Friday, September 30, 2005

Behind the legalese: the “Delay” indictment

In the aftermath of this week’s Grand Jury indictment the exempt media has declared victory for the Democratic Party and defeat for all things labeled “Republican Majority.”  A sampling of headlines tells the story: “DeLay Indictment Big Trouble for Bush,” “DeLay indictment gives Democrats an opening,” and “DeLay may be straw that breaks GOP’s back.” That last headline may be especially revealing, because a closer inspection of Wednesday’s indictment reveals that it is little more then a straw – for Leader Delay anyway.

The indictment is four pages long and lists a number of felony accusations for two Texas men, John Colyandro and James Ellis.  Both are accused of breaking state election law with regard to fundraising and breaching pertinent parts of the Texas Election Code (Subchapter D).  Violation of the election code is a third degree felony in the state of Texas (Section 276.001, 2(b)) and both Colyandro and Ellis were thus charged in the indictment.  

Delay was not.  

In fact, the indictment refers to Delay very infrequently and does not demonstrate that the Majority leader had any knowledge of the actions of Colyandro and Ellis.  

The fact that he is named as a defendant should not cause consternation among Republican supporters because, as founder of a Political Action Committee, Delay would naturally be named as a defendant.  Just as when election law was being contested in Florida after the 2000 election, Katherine Harris was named as a defendant, even though everyone knew she had done nothing illegal. The fact that Delay is named as a defendant does, in and of itself, not constitute an accusation of wrongdoing.

Wednesday’s indictment does, however, refer to Congressman Delay beyond the mere statement of his being a defendant.  

Pages three and four point out that Delay “waived the application of Articles 12.01 and 12.03” under the Texas Penal Code.  That sounds really bad.  To have to waive your rights under a criminal procedure does not sound positive… until you read Articles 12.01 and 12.03.  All those sections refer to is a really generic punishment clause (saying that nothing in the code deprives the court of any civil authority) and a Classification of Misdemeanors.  You read that right, MISDEMEANORS.  While Colyandro and Ellis are both being charged with felonies, the Majority leader may be facing a minor fine and “legal disability or disadvantage.”  That doesn’t sound like the “straw that breaks the GOP’s back,” or an “opening” for Democrats.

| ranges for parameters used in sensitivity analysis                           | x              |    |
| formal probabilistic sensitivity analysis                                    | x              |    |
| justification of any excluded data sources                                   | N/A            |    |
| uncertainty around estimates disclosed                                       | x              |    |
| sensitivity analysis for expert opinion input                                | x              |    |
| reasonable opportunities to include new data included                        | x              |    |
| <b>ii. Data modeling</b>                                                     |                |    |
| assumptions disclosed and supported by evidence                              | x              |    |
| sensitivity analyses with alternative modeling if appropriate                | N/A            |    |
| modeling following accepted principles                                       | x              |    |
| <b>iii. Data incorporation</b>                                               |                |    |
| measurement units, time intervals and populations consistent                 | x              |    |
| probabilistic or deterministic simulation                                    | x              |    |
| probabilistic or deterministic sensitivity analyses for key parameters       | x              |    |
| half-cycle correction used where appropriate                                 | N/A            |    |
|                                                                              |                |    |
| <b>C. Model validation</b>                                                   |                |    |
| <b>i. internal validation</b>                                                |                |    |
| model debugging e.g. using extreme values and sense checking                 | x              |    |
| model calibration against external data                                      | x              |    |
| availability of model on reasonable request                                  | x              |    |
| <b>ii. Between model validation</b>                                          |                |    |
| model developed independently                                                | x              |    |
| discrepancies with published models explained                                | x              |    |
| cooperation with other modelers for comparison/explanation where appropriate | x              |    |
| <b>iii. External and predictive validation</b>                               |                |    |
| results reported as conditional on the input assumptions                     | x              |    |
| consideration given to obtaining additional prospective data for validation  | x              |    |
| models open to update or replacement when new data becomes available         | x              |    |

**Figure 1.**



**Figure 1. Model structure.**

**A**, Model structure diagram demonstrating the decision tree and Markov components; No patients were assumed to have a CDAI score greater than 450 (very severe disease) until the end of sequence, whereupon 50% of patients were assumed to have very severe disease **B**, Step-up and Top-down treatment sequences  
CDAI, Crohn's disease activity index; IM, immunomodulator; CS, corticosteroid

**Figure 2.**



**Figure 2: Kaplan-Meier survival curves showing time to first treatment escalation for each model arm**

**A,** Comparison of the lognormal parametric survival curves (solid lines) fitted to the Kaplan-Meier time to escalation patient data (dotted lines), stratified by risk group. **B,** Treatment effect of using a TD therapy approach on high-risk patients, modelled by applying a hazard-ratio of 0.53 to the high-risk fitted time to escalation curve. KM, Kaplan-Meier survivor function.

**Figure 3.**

The worst possible interpretation of the indictment is that Delay is charged with a Misdemeanor that has no lasting legal affect and would not keep him from holding office or serving as Majority leader.  More likely, Delay was named as a defendant because he is an associate of Colyandro and Ellis.  Remember, just because the Grand Jury referrers to those sections and mentions him as a defendant does not mean that Delay is actually charged with anything or that the accusations against him are substantive.

One perspective being propagated in the blog world is that the indictment mentioned Delay in order to temporarily remove him from office (House rules require that leaders under investigation resign their office temporarily in order to avoid conflicts of interest).  

Regardless of the politics behind this indictment and liberal’s intransigent response, know that very little will probably come of this.  Instead of jumping to conclusions, declaring victory and assuming guilt until innocence is proven, let’s all let the process of Justice run its course and leave slander for a more worthy man.

NOTE: Special thanks to Rosemary for her input.  Without her advice, this post would have been a lot more technical.